Conversion to Isma'ilism and deathEdit

In the 930s, the Samanid court became the object of persistent conversion efforts by the Isma'ili missionary network under Muhammad ibn Ahmad al-Nasafi.[13][14] These events are described by later Sunni sources. Traditional accounts are based on the Kitāb al-Fihrist of Ibn al-Nadim and the Siyāsatnāmā of Nizam al-Mulk, but al-Tha'alibi's mirror for princes, the Ādāb al-mulūk, published in 1990, also contains much important information.[15][16] The three sources are often at odds, and it is difficult to reconcile them.[17]

In c. 937/8 the Isma'ilis succeeded in converting several high-ranking Samanid officials,[14] including, according to Nizam al-Mulk, Nasr's boon companion Abu Bakr al-Nakhshabi, his private secretary Abu Ash'ath, the inspector of the army Abu Mansur al-Shaghani, the chamberlain Aytash, Hasan Malik, governor of Ilaq, and the chief court steward (wakīl khāșș), Ali Zarrad.[13][18] With their support, the Isma'ili missionaries succeeded in the conversion of Nasr himself, as well as his vizier, Abu Ali Muhammad al-Jayhani.[14] According to al-Tha'alabi's account, Nasr was ill and afraid of his impending death, and was thus receptive to the Isma'ili teachings.[19] This ushered a period of Isma'ili dominance at the Samanid court, where their missionaries preached openly.[14] An Isma'ili secretary, Abu al-Tayyib al-Mus'abi, even appears to have become vizier in 941/42, succeeding al-Jayhani. His tenure was apparently brief, lasting a few months, but his successor was likely also an Isma'ili.[20]

These developments caused a reaction among the Sunni establishment, and especially the Samanids' Turkic soldiery. According to the story as relayed by Nizam al-Mulk, they began to conspire for a coup, even going as far as offering the throne to one of their commanders. According to Nizam al-Mulk, the Emir's son, Nuh I (r. 943–954), got wind of the conspiracy and persuaded his father to abdicate in his favour.[21][22] As the historian Samuel Miklos Stern noted, "it is difficult to disentangle the legendary elements from the true facts" of Nizam al-Mulk's account,[23] especially since the Fihrist does not mention a military plot, but has Nasr 'repenting' of his conversion,[24][25] and al-Tha'alibi's account does not even have Nasr abdicating in favour of his son. In reality, Nasr remained on his throne until his death on 6 April 943, and it is very likely that he died as an Isma'ili, but that a long illness forced him to withdraw from public affairs earlier than that.[26]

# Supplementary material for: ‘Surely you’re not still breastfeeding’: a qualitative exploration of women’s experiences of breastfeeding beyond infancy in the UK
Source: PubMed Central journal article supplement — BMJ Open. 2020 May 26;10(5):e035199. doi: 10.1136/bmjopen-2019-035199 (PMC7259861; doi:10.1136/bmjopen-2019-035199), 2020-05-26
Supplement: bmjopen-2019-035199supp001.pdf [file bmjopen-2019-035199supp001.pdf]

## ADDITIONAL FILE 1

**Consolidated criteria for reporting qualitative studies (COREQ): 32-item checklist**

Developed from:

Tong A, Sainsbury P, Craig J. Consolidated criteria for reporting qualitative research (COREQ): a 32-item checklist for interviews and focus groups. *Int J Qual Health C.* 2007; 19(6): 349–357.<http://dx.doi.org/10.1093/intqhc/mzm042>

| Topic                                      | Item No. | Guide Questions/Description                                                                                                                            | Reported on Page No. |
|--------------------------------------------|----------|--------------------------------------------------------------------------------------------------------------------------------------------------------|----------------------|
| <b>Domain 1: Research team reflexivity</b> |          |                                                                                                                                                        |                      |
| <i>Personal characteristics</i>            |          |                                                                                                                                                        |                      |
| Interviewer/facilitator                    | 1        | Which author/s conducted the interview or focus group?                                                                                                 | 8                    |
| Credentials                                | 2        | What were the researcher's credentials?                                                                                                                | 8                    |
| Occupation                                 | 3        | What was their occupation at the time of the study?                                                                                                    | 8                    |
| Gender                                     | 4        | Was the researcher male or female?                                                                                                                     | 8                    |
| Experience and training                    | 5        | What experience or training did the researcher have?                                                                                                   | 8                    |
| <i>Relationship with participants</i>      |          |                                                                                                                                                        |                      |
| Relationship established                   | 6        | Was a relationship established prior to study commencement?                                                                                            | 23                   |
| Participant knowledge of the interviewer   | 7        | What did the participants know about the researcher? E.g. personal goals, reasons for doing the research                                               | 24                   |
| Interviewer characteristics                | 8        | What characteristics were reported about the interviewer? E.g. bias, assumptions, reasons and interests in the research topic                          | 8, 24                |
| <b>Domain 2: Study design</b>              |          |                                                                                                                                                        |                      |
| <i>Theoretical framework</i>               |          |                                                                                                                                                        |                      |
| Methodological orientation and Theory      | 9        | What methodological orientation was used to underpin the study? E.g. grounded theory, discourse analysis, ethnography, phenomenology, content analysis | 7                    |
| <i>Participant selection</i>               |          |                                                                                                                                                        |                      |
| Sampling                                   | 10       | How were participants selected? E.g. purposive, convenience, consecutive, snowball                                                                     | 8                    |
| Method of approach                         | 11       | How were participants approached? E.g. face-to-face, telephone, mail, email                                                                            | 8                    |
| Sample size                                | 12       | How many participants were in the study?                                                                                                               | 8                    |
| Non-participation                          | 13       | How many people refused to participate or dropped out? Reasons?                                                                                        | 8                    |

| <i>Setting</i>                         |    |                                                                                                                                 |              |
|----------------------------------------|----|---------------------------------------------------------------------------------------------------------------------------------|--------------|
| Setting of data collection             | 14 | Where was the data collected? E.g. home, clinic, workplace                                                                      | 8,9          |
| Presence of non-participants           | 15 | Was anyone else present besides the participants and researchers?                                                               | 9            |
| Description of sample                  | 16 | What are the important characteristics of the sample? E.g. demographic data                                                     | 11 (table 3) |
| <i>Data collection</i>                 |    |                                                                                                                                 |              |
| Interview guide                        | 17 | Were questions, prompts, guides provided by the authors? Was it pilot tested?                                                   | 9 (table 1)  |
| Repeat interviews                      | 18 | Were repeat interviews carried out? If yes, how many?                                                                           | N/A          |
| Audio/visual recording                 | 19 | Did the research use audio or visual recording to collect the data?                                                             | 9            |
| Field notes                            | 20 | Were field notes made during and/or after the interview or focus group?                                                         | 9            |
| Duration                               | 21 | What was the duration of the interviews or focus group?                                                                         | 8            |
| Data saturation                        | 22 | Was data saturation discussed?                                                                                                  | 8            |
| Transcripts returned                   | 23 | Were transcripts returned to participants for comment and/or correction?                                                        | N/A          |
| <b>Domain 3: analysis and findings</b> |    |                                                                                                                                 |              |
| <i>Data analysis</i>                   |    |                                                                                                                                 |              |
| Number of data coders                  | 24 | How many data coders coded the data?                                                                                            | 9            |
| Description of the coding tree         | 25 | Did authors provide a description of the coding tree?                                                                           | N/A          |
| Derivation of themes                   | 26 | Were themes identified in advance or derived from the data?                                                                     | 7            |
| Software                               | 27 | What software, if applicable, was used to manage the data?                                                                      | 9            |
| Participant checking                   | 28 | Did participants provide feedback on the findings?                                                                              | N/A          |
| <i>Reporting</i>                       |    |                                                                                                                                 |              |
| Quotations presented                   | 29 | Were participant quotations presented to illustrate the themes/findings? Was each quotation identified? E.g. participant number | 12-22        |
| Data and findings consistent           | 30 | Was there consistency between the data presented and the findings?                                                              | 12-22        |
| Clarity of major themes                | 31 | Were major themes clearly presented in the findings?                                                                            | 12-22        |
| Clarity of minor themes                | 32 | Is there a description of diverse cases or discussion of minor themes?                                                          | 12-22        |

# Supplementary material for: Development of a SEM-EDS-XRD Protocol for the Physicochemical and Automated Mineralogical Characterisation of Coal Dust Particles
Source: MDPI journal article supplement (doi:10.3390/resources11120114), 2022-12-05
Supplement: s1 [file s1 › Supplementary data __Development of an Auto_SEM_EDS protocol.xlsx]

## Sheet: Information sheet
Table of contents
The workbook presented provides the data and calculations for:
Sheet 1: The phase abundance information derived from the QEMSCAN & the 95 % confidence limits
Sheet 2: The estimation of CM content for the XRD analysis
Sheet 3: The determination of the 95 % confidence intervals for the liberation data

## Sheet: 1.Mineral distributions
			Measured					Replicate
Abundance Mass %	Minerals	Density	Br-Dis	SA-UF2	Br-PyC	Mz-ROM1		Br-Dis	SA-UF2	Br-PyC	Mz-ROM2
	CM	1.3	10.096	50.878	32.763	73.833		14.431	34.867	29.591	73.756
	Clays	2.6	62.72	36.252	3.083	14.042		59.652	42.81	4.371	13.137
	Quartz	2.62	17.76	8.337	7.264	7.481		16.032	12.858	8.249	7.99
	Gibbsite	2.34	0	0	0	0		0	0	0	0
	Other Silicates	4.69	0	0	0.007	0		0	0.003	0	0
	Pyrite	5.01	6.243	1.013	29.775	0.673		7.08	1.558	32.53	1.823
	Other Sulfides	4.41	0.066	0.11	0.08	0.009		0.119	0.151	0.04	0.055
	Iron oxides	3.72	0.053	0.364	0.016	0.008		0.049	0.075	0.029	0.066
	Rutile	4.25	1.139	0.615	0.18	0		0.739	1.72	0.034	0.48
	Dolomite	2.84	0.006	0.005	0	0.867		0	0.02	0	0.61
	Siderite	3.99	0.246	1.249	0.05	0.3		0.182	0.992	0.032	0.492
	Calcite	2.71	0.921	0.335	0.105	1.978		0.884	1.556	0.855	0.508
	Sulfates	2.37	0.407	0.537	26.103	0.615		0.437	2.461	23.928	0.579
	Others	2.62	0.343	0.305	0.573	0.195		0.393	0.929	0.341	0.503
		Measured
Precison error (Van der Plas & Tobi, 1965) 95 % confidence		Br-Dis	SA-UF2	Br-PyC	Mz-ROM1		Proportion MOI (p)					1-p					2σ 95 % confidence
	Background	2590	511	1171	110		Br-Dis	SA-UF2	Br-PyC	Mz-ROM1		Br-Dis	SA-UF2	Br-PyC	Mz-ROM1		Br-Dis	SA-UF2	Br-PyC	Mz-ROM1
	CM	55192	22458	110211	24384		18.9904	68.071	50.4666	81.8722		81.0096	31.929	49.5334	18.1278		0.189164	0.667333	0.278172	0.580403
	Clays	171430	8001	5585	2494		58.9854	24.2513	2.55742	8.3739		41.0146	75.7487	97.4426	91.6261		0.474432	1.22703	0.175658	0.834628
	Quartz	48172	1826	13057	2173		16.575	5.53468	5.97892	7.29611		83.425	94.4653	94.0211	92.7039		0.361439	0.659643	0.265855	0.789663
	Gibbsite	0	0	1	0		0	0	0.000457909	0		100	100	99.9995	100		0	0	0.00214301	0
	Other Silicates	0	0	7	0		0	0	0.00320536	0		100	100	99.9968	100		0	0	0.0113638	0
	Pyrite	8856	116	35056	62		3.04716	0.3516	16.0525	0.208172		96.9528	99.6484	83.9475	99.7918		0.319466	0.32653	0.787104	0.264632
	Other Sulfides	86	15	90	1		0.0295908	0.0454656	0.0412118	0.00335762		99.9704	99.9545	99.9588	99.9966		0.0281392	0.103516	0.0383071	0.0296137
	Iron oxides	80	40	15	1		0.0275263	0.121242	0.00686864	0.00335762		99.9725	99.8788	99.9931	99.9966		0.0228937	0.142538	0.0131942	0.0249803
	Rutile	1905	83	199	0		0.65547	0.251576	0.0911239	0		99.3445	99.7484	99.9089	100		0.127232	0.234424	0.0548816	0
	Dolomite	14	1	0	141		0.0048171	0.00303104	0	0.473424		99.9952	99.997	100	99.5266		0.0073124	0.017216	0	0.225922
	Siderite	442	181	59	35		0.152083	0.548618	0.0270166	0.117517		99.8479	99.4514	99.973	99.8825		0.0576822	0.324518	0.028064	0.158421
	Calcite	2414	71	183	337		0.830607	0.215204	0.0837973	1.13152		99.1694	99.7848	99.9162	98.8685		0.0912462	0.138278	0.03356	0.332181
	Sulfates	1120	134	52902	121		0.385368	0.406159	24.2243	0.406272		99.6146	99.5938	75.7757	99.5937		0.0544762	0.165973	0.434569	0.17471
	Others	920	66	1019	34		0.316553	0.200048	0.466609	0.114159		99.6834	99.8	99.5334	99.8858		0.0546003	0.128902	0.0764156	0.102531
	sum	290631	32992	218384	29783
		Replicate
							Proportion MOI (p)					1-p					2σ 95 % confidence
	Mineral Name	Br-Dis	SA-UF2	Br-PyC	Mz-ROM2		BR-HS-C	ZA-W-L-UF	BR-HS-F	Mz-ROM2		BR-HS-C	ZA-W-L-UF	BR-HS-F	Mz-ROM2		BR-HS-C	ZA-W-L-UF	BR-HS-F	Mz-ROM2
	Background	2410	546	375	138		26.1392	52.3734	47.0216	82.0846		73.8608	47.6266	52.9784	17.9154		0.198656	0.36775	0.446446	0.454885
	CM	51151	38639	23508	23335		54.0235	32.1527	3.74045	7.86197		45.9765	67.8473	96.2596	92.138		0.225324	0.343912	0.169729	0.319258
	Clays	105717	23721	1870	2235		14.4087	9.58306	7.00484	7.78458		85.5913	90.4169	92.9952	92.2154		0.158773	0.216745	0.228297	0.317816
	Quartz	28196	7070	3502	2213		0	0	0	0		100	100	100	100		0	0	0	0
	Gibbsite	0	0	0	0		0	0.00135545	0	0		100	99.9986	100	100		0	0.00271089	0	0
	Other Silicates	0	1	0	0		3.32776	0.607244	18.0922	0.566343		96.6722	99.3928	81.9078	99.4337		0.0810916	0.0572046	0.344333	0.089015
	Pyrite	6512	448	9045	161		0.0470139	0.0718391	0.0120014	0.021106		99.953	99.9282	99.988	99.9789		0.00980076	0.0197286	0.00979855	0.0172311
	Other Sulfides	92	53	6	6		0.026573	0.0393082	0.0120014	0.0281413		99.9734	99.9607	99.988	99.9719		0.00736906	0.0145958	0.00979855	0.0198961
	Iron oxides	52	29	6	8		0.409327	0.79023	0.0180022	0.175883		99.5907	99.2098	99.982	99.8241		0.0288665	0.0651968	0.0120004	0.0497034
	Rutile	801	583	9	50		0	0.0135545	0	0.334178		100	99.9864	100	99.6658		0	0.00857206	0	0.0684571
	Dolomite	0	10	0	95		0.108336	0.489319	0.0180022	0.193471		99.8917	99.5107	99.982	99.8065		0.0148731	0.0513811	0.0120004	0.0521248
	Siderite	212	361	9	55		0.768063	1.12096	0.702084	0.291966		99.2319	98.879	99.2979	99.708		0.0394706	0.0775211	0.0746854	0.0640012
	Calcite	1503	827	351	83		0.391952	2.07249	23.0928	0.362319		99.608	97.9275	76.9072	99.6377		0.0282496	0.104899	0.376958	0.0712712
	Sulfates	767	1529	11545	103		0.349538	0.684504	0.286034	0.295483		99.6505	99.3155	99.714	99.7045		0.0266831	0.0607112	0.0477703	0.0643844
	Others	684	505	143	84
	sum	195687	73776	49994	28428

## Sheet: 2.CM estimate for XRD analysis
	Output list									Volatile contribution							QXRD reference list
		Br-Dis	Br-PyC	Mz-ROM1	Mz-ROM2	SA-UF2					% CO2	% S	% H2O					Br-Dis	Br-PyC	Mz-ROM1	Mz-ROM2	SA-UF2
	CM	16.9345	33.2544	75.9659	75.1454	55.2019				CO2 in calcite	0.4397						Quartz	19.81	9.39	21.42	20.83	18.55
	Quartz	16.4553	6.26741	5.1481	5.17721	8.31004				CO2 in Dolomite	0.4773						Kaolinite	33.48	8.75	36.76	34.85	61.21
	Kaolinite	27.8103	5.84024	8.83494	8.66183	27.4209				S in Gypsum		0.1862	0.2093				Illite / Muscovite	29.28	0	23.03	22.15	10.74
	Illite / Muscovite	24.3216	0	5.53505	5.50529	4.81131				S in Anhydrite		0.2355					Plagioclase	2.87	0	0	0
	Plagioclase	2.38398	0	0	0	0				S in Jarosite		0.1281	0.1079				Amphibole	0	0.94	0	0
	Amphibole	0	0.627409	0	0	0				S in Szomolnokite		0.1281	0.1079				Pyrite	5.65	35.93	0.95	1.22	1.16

Al-Tha'alibi reports that after Nasr's death and the accession of Nuh, the Isma'ilis tried to convert the new emir as well, but failed.[27] According to Ibn al-Nadim, Nuh held a public theological debate, in which the Isma'ilis were defeated, but al-Tha'alibi contends that this happened in a private session, and that al-Nasafi's subsequent request for a public debate was denied.[28] Shortly after, Nuh launched an anti-Isma'ili pogrom—according to Nizam al-Mulk, the troops spent seven days killing Isma'ili followers in Bukhara and its environs—in which al-Nasafi and many of his followers perished.[14][29] Despite the implication of the medieval sources of a systematic anti-Isma'ili purge, this does not appear to have been the case, as several Isma'ili officials—including Ali Zarrad and Abu Mansur al-Shaghani—remained in their place during Nuh's reign.[30]

Cultural affairsEdit

Nasr's ministers helped turn the Samanid court into a cultural center. Jayhani was known as an author and wrote a geographical work.[31] His interest in the subject caused him to invite geographers from many places to Bukhara. Scientists, astronomers, and others also flocked to the city. Bal’ami likewise was interested in the arts and patronized intellectuals and authors.


  1. ^ a b c Frye 1975, p. 141.
  2. ^ a b c Barthold 1968, p. 240.
  3. ^ Barthold 1968, pp. 240–241.
  4. ^ a b Barthold 1968, p. 241.
  5. ^ Richard N. Frye, Bukhara, the Medieval Achievement, (University of Oklahoma Press, 1965), 57.
  6. ^ a b c d Nazim (1987), p. 164
  7. ^ Madelung 1975, p. 211.
  8. ^ Madelung 1975, pp. 211–212.
  9. ^ Madelung 1975, p. 212.
  10. ^ Nazim (1987), pp. 164–165
  11. ^ a b Madelung 1975, p. 213.
  12. ^ Nazim (1987), p. 165
  13. ^ a b Stern 1960, p. 79.
  14. ^ a b c d e Daftary 2007, p. 113.
  15. ^ Stern 1960, pp. 56, 79–80.
  16. ^ Crone & Treadwell 2003, pp. 37, 41–42.
  17. ^ Crone & Treadwell 2003, pp. 41–43.
  18. ^ Crone & Treadwell 2003, pp. 52–53.
  19. ^ Crone & Treadwell 2003, p. 43.
  20. ^ Crone & Treadwell 2003, pp. 38, 43–45, 47.
  21. ^ Barthold 1968, pp. 243–244.
  22. ^ Crone & Treadwell 2003, pp. 45–46.
  23. ^ Stern 1960, p. 80.
  24. ^ Barthold 1968, p. 244.
  25. ^ Crone & Treadwell 2003, pp. 42–43.
  26. ^ Crone & Treadwell 2003, pp. 43–47.
  27. ^ Crone & Treadwell 2003, p. 47.
  28. ^ Crone & Treadwell 2003, pp. 42, 48.
  29. ^ Crone & Treadwell 2003, pp. 42, 47.
  30. ^ Crone & Treadwell 2003, pp. 48, 53.
  31. ^ Richard N. Frye, Bukhara, the Medieval Achievement, 57.


Preceded by Amir of the Samanids
Succeeded by